This research explored the mortality rates of UK Gulf War veterans who were identified as having served in the Gulf War between September, 1990, and June, 1991. This so called ‘Gulf cohort’ consisted of 53 462 veterans who were studied in comparison to a control group of Armed Forces personnel (the Era cohort) where each individual was matched for age, gender, service and rank. Individuals were followed from the 1st of April 1991 up until the 31st of March 1999 or the earliest of the following: date of death or emigration from the UK. The study identified the Gulf cohort had lower mortality rates due to “disease-related” causes and slightly higher mortality rates from “external” causes, although these were accident-related rather than due to suicide.
Background Armed forces personnel who served in the Gulf War report more current ill-health than those who were not deployed. There has been concern expressed that they may also experience higher mortality rates. Methods A retrospective cohort study was done including all 53 462 UK Gulf War veterans (Gulf cohort) and a comparison group equivalent in size of personnel who were not deployed but matched for age, sex, rank, service, and level of fitness (Era cohort). Individuals were identified on central registers of the Office for National Statistics and information on death among cohort subjects, including cause of death, obtained. Follow-up extended from April 1, 1991 (the end of the Gulf War) until March 31, 1999. Findings There were 395 deaths among the Gulf cohort and 378 deaths amongst the Era cohort (mortality rate ratio [MRR] 1·05, 95% CI 0·91–1·21). Mortality from “external” causes was higher in the Gulf cohort (Gulf 254, Era 216; MRR 1·18 [0·98–1·42] while mortality from “disease-related” causes was lower (Gulf 122, Era 141; 0·87 [0·67–1·11]). The higher mortality rate from “external” causes in the Gulf cohort was principally due to higher mortality rates from accidents. There was, however, no excess of deaths recorded as suicide in the Gulf cohort. Interpretation This follow-up of veterans of the Gulf war has shown, 8 years after the end of the conflict, that although they have experienced higher mortality rates than a comparison cohort, the excess mortality rate is very small and does not approach statistical significance. The excess is related mainly to accidents rather than disease, a pattern that is consistent both with US veterans of the Gulf war and veterans from other conflicts.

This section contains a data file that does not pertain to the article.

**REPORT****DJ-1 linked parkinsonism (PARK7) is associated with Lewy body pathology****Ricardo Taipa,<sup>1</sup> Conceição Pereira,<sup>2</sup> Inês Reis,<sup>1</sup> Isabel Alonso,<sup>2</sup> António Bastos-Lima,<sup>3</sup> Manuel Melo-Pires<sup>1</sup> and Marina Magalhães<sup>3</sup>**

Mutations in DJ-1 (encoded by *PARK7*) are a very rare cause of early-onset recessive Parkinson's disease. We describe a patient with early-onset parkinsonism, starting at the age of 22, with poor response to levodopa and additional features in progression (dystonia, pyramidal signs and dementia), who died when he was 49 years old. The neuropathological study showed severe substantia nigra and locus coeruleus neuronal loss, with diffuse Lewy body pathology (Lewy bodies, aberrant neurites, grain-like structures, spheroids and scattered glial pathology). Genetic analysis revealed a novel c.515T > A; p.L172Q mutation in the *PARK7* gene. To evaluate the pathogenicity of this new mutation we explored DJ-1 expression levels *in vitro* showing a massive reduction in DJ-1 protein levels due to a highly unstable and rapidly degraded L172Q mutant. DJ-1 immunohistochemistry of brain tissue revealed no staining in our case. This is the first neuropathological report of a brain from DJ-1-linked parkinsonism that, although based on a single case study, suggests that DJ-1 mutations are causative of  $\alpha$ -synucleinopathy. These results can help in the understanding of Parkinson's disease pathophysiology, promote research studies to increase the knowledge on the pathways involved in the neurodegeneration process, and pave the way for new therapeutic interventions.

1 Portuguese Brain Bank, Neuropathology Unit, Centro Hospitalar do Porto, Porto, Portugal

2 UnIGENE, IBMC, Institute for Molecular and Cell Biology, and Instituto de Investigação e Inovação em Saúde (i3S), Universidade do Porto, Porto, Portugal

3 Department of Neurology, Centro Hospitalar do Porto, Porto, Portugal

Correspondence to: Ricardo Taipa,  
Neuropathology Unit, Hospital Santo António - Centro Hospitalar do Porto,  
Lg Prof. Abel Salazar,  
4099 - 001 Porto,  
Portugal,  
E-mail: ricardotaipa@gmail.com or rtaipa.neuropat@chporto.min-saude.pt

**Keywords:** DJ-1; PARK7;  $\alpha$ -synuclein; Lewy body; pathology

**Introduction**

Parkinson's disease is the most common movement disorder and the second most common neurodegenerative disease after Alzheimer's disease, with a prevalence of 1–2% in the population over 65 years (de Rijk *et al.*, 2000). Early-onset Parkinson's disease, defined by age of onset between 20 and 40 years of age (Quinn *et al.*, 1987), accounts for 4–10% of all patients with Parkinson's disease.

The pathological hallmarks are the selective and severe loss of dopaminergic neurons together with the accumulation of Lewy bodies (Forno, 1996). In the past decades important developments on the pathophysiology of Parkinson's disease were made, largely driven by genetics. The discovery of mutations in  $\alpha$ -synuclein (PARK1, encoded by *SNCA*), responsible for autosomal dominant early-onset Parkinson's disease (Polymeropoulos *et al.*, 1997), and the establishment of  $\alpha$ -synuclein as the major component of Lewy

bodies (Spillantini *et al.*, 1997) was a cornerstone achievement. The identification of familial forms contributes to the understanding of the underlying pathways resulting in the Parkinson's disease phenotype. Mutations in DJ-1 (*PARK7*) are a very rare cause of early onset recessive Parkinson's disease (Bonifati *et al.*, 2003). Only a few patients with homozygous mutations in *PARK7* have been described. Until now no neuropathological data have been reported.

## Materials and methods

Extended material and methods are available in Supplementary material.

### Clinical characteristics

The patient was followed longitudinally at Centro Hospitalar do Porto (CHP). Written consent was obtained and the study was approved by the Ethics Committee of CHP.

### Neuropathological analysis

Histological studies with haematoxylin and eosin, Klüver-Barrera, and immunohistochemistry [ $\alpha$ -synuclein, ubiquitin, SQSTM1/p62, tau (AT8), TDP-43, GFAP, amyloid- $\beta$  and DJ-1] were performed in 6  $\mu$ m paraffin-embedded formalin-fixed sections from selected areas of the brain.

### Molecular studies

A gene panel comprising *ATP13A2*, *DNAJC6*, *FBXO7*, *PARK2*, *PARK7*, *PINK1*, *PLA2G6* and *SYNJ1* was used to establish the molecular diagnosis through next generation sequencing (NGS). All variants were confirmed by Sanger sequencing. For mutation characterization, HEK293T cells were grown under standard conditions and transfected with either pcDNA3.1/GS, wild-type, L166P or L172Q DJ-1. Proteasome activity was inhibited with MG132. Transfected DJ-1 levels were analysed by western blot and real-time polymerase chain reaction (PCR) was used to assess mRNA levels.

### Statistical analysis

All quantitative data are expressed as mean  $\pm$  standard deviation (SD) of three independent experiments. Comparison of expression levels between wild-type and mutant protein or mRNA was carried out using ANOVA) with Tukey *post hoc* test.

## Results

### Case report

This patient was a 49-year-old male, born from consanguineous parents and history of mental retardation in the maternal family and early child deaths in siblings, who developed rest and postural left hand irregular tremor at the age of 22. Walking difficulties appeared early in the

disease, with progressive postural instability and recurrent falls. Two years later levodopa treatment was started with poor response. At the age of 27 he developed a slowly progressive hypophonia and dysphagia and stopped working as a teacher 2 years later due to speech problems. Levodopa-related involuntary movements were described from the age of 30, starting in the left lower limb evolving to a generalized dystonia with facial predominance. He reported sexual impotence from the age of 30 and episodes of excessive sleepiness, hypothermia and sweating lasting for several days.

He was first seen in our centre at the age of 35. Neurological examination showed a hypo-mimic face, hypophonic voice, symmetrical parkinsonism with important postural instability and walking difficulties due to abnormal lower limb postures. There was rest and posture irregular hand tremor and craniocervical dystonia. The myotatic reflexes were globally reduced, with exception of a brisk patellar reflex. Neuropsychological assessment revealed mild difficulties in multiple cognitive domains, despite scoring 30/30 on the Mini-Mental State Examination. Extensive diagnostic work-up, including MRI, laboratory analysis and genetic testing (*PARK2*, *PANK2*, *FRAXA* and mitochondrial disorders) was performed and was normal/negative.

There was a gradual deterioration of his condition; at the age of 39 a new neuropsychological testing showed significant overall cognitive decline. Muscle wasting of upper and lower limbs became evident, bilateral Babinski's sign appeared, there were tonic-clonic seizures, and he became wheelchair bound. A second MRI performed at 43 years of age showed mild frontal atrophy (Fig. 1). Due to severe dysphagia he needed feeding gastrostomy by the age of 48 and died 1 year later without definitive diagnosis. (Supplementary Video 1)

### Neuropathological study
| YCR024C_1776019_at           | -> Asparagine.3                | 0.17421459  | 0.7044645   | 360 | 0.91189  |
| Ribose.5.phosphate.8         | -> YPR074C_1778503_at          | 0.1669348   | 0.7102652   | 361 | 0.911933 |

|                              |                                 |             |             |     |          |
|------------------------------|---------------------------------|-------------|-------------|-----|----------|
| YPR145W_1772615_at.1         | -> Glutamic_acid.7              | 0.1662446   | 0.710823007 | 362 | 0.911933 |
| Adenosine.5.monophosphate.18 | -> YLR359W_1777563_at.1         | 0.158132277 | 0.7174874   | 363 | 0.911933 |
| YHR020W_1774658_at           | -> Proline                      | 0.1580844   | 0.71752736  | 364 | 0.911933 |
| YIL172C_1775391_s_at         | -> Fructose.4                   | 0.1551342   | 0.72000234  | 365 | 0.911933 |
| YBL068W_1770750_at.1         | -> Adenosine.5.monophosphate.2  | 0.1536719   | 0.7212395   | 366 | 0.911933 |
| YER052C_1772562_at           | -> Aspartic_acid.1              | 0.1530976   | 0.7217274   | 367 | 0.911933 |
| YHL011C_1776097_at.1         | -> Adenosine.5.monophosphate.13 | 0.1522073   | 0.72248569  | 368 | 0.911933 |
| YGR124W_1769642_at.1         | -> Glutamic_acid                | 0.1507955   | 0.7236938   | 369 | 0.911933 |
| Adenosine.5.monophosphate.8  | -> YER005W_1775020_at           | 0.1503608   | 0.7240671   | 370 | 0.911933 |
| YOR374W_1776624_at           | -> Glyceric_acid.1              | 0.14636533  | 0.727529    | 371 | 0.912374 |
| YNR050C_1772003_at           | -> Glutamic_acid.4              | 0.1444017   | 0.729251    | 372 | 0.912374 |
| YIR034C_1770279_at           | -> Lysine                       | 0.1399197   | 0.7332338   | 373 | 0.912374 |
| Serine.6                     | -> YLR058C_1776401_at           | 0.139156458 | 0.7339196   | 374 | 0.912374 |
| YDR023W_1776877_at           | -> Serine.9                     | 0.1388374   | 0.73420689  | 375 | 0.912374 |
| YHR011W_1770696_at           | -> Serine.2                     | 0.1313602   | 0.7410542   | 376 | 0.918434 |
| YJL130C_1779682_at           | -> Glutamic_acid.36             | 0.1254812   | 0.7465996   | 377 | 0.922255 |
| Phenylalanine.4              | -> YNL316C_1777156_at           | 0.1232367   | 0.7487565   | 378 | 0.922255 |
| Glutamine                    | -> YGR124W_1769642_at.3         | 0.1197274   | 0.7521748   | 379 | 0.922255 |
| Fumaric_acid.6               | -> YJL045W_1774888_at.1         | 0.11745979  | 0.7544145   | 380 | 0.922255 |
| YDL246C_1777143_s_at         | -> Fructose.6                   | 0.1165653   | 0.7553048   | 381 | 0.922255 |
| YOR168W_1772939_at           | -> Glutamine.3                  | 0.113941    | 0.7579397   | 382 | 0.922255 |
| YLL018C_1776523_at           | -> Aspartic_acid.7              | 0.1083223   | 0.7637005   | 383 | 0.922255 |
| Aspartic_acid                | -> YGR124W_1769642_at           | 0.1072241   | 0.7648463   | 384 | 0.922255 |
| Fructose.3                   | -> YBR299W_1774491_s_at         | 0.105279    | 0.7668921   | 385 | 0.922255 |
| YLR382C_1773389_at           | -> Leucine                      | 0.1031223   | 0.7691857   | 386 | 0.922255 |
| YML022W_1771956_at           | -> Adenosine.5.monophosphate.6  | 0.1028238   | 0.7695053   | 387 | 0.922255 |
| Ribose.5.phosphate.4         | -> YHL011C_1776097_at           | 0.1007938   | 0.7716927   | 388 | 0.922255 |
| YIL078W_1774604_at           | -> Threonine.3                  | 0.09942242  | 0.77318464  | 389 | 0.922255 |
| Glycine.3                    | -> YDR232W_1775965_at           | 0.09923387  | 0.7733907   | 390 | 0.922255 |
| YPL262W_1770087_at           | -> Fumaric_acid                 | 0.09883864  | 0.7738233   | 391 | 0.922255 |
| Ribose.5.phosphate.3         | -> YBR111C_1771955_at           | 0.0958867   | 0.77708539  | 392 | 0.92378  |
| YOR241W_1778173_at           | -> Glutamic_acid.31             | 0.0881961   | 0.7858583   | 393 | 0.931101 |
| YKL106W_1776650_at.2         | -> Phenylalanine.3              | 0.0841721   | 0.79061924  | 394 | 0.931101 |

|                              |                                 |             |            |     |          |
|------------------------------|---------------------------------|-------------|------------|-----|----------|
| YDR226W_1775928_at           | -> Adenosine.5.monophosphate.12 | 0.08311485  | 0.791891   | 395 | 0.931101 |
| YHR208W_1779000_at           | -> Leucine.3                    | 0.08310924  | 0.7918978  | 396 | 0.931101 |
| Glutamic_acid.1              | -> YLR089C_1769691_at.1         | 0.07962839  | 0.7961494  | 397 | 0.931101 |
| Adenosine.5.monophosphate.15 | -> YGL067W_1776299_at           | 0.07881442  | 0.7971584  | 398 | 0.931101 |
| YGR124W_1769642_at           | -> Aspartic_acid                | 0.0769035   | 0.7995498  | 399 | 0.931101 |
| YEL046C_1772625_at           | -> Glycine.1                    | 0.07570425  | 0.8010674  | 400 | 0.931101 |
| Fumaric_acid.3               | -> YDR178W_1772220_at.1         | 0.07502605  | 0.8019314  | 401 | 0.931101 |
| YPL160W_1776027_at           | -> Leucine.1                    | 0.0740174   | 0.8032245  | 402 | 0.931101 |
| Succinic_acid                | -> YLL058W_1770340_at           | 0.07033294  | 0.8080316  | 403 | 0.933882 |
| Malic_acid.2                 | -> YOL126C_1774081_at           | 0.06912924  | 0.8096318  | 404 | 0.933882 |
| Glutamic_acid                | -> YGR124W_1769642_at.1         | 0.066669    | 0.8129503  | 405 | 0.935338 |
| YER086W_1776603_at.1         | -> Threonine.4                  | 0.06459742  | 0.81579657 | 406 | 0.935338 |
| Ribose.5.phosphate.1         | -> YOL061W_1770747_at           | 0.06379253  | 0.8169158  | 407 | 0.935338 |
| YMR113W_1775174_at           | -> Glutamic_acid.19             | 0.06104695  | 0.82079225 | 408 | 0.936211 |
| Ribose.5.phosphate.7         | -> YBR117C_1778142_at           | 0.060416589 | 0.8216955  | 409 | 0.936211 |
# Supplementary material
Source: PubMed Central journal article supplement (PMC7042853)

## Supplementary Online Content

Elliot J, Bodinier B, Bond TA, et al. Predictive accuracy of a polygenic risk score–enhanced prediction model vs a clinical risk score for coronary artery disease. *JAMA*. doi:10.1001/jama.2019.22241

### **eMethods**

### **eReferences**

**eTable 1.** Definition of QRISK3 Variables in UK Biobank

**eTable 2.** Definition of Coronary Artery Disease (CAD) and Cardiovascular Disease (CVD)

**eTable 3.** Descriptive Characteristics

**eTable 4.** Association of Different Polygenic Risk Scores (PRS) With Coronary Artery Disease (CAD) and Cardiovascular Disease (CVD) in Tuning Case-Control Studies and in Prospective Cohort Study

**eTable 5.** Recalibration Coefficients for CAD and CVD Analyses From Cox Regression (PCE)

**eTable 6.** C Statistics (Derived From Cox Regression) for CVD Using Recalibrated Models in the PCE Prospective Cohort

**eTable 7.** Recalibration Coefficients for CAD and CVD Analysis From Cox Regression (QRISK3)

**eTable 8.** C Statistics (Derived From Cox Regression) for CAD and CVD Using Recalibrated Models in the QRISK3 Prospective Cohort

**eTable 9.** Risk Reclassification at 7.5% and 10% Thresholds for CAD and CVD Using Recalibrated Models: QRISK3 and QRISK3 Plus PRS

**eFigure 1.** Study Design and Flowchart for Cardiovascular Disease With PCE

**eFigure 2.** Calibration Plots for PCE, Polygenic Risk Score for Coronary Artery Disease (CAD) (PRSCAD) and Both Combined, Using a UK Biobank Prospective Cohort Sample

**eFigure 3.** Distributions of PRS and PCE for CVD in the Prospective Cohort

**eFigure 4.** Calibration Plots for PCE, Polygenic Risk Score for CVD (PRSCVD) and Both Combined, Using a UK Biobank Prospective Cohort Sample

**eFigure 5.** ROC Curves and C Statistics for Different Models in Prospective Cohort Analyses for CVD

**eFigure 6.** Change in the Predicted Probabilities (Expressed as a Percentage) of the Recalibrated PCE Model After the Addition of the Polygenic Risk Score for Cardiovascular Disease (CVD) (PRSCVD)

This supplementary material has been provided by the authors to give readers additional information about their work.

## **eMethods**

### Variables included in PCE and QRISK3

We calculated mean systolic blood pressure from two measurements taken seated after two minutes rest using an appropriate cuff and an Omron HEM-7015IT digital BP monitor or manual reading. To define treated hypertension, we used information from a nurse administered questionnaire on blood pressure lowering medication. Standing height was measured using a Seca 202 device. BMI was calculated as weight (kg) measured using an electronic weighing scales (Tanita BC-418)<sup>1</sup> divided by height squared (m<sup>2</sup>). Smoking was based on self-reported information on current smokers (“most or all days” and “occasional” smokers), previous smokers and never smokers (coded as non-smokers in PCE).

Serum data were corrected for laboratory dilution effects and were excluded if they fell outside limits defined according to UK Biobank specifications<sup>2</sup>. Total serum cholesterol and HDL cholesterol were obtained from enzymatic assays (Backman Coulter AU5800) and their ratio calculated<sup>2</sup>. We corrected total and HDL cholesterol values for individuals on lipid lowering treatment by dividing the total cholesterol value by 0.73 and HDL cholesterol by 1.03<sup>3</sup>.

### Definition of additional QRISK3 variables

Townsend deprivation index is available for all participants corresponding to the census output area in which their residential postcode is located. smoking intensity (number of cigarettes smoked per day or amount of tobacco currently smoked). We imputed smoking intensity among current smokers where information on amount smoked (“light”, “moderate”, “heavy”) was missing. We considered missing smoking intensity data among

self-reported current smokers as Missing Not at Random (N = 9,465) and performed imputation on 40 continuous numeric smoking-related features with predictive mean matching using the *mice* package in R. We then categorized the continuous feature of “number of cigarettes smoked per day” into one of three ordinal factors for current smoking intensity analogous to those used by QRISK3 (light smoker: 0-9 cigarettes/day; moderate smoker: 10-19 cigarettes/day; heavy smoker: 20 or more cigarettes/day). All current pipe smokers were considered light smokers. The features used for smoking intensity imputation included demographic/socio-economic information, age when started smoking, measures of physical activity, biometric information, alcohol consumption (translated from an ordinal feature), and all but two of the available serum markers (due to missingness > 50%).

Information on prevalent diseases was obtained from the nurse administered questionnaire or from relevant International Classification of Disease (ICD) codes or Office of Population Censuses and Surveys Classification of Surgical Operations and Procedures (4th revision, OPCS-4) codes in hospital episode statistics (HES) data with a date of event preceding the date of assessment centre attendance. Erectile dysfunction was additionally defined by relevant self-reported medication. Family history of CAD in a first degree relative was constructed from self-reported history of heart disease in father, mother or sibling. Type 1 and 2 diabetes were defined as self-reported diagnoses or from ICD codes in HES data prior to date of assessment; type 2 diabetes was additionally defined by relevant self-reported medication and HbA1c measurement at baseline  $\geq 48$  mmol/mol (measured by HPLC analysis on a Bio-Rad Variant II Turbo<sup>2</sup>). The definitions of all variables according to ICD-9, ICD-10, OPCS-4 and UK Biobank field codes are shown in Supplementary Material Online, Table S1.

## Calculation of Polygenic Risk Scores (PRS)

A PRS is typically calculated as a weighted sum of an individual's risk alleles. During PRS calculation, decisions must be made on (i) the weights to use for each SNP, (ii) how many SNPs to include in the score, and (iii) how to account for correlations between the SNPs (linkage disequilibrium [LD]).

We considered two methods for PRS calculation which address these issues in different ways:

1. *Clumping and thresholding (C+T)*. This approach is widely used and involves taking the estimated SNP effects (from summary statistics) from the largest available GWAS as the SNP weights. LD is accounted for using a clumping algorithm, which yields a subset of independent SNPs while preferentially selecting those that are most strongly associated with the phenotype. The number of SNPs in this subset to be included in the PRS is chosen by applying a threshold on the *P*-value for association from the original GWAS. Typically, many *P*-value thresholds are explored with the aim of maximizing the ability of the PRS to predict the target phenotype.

Macfarlane, G., Thomas, E. & Cherry, N. (2000). Mortality among UK Gulf War veterans. The Lancet, 356(9223), 17-21.